Her shoulders slumped for the briefest second, before popping back up and back. She did tiny jumps in place from foot to foot, like an athlete keeping loose. Breathing deep, she put her hands in front of her and pressed palms together.
In for seven, hold for three, out for eight. She did this five times and sighed; her body relaxed but her mind spun on, emboldened by the incessant resounding ticking clock. Just too weird talking to a camera, my bosses & coworkers on their laptops somewhere & not seeing them or their reactions. Should have taken Liz up on her offer to sit in so I had someone to look at & get feedback from. How quickly can she get here? Not in five minutes. Oh god, five more minutes worrying before I can start. Maybe she can be here in five. Text her. She said she’d be around. I hate asking. You have to ask or you will never get what you need. It’s her job to say no. I hope she doesn’t think it means anything. Doesn’t it, though? Stop. Not the time. No room for hope right now.
She tapped messages and selected the top conversation.
Shit you were right, I’m freaking out. Come?
She put her phone down. Face down. Pretending to be chill. Looking across the table towards the couch area, she reminded herself, Be grateful this space was available. Otherwise, I’d have had to rent some space downtown. Or worse, tried to do this in the apartment. Disgust. Plus, since Liz also lives here, she might actually make it. Hope surged, distractingly.
Of course, coming now, don’t put me on camera–def not professional.
Relief, that’s all this is. Relief. But she was glowing, super-charged, ready to kill this presentation.
She’d barely read Liz’s text when she heard the door open and turned, “Sorry, I have this room reserved, Oh. Oh!”
Liz hesitated there, towel-draped in flip-flops. Madison’s brain was suddenly scrambling again.
Liz blushed, “Sorry, I rushed from the pool. Is it okay?”
Is she blushing, or is this just a friends thing? The two women thought simultaneously.
After Death, Redemption
Three days later, Rachel and her brothers sat in the room again, now at the conference table with their father’s lawyer. Mr. Franklin was the man who had helped him create his last few business ventures, who he golfed with, who he played cards with.
“Your father didn’t give anyone access because he wanted to avoid disruptions to his will.”
He screwed up his face in that way some men do when they are trying not to emote. His heart ached for his friend and he hated adding professionalism to his empathy, considering them family, not work. “Largely, he hated how he and his siblings quarrelled after your grandmother died, and endeavored to avoid that for you three, considering your somewhat contentious recent history.”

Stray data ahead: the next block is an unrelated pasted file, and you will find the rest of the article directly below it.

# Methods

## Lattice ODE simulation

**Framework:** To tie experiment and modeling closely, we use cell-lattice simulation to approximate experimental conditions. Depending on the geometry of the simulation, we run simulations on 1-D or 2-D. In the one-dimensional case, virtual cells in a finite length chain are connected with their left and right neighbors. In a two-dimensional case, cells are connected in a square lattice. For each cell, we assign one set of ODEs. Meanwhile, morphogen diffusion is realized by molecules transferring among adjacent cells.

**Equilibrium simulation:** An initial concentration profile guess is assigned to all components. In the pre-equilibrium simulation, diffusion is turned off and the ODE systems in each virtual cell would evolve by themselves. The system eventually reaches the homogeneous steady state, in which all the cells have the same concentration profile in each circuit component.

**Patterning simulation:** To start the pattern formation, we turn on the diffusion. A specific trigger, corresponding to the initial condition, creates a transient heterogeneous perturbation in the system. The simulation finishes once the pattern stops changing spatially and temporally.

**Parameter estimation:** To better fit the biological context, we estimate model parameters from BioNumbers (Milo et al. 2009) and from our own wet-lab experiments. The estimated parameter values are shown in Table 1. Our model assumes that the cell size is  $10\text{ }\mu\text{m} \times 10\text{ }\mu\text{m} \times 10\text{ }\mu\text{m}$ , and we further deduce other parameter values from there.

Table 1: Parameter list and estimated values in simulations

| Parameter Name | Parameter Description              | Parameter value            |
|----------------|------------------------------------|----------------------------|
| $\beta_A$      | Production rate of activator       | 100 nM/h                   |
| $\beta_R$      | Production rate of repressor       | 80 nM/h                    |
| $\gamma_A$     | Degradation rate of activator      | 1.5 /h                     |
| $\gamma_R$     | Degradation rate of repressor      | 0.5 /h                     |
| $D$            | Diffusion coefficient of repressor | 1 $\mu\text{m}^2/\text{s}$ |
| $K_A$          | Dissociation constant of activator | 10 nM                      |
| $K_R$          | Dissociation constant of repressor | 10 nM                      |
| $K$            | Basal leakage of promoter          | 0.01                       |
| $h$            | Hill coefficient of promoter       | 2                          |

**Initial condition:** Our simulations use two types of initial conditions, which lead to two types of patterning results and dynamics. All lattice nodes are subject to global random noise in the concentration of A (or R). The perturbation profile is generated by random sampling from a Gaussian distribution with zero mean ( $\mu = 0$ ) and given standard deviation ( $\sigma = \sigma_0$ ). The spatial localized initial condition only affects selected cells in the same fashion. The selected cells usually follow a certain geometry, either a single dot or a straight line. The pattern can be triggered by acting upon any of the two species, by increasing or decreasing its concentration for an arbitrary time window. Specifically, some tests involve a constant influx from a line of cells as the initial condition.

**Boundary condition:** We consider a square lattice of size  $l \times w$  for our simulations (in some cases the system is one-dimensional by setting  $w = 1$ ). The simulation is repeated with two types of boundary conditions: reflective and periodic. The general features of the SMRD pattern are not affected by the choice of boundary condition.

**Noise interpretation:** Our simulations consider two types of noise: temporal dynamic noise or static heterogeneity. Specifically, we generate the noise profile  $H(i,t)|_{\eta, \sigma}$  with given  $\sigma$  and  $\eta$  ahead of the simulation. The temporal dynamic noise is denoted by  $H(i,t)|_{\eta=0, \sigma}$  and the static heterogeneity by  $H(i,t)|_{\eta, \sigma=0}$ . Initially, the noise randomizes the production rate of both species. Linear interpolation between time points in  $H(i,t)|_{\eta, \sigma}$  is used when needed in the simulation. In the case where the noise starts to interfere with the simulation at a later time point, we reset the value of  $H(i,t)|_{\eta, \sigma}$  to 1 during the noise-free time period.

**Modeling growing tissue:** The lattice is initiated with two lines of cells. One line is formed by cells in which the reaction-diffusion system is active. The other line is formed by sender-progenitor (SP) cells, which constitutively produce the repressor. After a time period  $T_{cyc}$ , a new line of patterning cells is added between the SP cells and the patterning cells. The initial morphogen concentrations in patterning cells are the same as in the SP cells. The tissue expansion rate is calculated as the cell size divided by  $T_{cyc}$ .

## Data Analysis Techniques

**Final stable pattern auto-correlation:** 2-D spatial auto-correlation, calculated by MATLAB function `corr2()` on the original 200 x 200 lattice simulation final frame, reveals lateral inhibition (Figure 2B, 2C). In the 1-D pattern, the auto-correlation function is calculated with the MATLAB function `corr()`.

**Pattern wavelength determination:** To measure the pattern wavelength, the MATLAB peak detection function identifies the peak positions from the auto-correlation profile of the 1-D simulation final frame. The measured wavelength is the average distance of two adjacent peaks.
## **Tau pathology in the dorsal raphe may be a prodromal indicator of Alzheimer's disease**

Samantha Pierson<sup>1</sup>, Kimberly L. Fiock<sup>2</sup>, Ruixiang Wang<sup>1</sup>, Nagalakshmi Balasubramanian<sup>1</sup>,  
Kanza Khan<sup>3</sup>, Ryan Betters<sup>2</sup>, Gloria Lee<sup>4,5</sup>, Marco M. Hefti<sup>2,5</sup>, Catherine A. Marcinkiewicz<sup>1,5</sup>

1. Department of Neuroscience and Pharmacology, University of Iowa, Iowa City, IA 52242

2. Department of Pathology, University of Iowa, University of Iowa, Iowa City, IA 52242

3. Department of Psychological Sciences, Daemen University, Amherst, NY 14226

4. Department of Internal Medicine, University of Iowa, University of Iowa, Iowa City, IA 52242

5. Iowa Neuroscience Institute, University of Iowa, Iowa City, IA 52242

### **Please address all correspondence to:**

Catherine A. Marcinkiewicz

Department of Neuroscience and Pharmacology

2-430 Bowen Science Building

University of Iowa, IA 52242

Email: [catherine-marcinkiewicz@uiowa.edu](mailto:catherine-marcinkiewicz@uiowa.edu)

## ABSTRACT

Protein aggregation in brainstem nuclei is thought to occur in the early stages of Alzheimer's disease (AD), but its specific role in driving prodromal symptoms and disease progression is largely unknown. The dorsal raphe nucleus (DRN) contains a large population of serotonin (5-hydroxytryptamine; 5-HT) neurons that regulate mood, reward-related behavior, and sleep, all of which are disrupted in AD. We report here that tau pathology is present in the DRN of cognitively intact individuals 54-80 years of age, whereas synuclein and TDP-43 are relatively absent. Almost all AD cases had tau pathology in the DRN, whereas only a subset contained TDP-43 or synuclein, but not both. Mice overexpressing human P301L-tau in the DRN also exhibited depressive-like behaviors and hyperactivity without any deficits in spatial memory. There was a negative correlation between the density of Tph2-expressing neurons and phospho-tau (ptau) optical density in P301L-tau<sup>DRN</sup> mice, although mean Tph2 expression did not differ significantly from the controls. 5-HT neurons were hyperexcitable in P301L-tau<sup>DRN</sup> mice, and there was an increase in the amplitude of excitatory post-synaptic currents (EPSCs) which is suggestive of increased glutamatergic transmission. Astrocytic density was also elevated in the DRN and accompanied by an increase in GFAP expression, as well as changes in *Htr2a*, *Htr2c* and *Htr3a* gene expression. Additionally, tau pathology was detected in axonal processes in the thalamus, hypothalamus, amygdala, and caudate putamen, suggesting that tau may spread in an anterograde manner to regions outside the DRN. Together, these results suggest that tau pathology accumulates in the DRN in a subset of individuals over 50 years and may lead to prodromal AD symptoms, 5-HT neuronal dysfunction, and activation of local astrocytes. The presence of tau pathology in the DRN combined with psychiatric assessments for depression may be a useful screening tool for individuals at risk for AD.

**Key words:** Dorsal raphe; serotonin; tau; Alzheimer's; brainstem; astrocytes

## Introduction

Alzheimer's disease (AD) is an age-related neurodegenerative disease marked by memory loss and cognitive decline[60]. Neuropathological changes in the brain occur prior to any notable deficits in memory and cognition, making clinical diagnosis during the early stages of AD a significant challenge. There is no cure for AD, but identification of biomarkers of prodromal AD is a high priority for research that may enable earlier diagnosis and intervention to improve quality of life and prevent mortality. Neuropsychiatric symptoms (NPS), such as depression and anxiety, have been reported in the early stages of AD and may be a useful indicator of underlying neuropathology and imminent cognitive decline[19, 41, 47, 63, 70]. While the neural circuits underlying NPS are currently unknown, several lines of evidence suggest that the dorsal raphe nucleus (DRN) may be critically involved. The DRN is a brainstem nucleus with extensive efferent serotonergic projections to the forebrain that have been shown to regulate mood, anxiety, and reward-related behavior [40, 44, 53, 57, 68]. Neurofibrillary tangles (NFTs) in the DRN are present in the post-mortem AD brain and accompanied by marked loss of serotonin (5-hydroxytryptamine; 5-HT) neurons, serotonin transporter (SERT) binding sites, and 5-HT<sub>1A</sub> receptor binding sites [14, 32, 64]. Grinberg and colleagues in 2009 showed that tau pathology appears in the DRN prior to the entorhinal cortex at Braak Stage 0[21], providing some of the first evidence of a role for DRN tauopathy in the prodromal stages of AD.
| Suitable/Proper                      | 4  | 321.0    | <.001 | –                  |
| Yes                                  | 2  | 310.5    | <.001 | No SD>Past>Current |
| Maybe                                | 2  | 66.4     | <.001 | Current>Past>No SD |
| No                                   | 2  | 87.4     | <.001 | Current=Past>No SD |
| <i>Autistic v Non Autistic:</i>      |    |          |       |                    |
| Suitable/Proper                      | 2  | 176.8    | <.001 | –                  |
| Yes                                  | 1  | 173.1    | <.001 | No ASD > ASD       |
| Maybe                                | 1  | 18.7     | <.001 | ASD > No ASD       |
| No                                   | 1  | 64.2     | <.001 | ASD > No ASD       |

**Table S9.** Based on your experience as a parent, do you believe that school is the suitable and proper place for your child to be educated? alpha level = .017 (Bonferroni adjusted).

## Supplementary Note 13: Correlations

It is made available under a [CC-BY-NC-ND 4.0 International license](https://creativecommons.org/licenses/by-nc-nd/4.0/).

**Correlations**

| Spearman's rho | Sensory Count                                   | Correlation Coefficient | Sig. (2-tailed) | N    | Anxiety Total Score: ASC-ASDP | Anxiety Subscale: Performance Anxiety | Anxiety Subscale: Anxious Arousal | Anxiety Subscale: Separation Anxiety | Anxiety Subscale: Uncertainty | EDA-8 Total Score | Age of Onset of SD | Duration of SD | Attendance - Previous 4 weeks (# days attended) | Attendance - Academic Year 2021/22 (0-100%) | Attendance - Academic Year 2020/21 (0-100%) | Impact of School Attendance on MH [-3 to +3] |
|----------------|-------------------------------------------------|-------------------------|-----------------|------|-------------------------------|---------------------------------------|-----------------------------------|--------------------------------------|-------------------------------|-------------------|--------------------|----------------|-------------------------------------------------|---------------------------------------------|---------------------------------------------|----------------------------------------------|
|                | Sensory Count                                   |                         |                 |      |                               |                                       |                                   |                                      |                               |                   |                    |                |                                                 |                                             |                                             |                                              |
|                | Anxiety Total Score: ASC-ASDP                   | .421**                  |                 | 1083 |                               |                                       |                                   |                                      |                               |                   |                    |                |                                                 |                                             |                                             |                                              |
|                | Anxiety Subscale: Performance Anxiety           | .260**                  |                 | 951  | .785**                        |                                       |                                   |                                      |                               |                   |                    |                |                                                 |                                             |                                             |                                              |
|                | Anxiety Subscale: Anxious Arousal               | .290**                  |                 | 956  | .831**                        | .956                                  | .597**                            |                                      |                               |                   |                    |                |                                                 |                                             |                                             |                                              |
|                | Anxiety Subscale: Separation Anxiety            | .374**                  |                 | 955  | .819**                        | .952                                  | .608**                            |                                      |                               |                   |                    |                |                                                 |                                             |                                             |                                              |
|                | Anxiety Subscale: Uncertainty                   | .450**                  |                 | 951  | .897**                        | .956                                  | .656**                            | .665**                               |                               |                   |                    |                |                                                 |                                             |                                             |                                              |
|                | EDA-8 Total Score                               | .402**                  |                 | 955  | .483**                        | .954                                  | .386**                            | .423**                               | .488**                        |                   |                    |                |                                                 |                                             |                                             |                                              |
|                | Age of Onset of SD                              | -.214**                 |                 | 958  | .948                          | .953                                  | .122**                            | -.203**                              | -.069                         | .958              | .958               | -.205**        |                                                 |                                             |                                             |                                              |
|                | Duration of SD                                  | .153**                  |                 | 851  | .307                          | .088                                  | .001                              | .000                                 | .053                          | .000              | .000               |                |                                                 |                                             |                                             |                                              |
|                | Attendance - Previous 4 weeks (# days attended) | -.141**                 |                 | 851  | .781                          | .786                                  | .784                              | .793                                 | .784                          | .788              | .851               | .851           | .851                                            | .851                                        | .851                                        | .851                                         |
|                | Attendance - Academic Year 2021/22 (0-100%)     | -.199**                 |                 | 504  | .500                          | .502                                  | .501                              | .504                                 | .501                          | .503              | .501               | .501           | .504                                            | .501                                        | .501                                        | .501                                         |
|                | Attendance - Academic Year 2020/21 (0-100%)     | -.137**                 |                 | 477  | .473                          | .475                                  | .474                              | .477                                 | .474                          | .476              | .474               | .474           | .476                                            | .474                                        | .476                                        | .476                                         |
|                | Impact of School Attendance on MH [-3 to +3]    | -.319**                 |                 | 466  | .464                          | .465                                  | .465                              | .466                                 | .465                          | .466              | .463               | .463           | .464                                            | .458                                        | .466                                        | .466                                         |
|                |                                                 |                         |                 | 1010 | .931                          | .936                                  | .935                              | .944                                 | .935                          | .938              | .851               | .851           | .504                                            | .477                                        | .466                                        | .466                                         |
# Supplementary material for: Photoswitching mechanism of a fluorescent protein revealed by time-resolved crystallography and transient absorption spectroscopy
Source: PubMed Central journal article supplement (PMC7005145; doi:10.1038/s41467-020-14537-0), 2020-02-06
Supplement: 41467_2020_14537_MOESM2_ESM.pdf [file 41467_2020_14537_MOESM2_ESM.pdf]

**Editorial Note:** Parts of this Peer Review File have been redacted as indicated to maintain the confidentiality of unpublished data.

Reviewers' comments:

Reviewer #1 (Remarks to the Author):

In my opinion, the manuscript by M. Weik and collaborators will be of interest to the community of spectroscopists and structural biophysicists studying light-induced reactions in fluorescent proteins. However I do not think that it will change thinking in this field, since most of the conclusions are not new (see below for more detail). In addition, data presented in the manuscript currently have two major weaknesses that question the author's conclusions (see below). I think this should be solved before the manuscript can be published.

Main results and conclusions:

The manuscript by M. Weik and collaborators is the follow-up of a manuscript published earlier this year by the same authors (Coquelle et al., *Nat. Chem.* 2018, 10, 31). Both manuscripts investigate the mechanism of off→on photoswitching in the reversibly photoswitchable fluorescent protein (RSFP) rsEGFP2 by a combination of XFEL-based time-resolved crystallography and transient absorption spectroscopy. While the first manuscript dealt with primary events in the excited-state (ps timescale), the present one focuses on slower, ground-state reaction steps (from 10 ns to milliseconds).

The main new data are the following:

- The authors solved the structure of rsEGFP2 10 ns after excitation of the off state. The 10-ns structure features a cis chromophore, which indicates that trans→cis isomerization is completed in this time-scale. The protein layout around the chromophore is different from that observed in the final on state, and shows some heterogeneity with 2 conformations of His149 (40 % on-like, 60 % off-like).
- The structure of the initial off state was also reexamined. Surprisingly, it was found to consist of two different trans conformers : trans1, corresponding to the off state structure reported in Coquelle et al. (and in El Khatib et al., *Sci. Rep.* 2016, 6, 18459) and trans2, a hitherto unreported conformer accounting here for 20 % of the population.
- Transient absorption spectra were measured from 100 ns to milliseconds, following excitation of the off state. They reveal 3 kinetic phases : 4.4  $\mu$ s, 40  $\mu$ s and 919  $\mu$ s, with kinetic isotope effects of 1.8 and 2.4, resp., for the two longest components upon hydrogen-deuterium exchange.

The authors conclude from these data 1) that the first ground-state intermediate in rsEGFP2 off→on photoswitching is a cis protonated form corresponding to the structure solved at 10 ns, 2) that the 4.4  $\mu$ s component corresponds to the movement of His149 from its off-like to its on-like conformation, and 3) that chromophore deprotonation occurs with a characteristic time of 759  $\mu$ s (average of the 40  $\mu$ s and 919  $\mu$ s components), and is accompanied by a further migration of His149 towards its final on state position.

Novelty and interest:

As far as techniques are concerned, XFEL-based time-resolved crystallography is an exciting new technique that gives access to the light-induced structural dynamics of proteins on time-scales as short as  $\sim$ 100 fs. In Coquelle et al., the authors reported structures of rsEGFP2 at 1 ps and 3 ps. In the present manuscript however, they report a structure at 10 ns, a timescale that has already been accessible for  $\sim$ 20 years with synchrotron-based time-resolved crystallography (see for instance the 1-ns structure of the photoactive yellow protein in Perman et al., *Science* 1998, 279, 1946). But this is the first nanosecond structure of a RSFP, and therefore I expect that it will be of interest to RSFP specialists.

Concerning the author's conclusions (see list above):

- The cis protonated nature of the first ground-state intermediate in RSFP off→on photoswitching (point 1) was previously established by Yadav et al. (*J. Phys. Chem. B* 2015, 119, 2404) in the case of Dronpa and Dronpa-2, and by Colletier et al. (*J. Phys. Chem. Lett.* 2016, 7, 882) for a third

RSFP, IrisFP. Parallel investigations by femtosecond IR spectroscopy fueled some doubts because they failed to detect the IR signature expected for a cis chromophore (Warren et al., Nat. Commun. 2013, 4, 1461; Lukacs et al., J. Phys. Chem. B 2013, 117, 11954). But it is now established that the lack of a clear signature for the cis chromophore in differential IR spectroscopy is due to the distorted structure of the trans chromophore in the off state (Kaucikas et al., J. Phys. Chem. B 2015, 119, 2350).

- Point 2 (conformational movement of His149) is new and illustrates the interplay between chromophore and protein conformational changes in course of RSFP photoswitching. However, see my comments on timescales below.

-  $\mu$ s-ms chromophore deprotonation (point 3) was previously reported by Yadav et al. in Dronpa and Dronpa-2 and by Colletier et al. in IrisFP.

Rachel’s shoulders drooped and her face sagged. She glared at the cruelly ticking clock before turning apologetically to her brothers, lamenting, “He was right. It’s been … rough already. Sorry, guys.”
They shifted uncomfortably in agreement.
“Well,” Franklin croaked, “he specified sentimental items for you each and that the rest of his belongings be sold. You will split the monetary value three ways. The items are sorted, labeled, and boxed where applicable, and will be all you find upstairs. From the rest of his estate, he gave modest gifts to a few others, but the bulk is yours. When settled, each of you will be mailed a certified check.”
The adult children mumbled thanks, and with shame, gloom, and regret stood together to visit their father’s apartment for the first and last time.
I miss him, the four thought simultaneously.
I can’t follow them. Sometimes their exit is relief. Mostly, their hope or joy or grief or earnestness engulfs what there is of me. But their stories, even when complete, are rarely fulfilling.
Still I sit, four thin walls, stark, with a loud clock, a bit of stuck streamer from a birthday party, and a scuff from a cheap chair. I endure every tremor and twitch of my visitors’ emotions; their anticipation, heartache, delight, boredom, and fear become mine, too. I hear every thought, and every purpose.
I am stuck unmoving, apart. No interior world to call my own, only to share in theirs. They fill me, then I am empty.
I wonder if there’s anything else out there like me.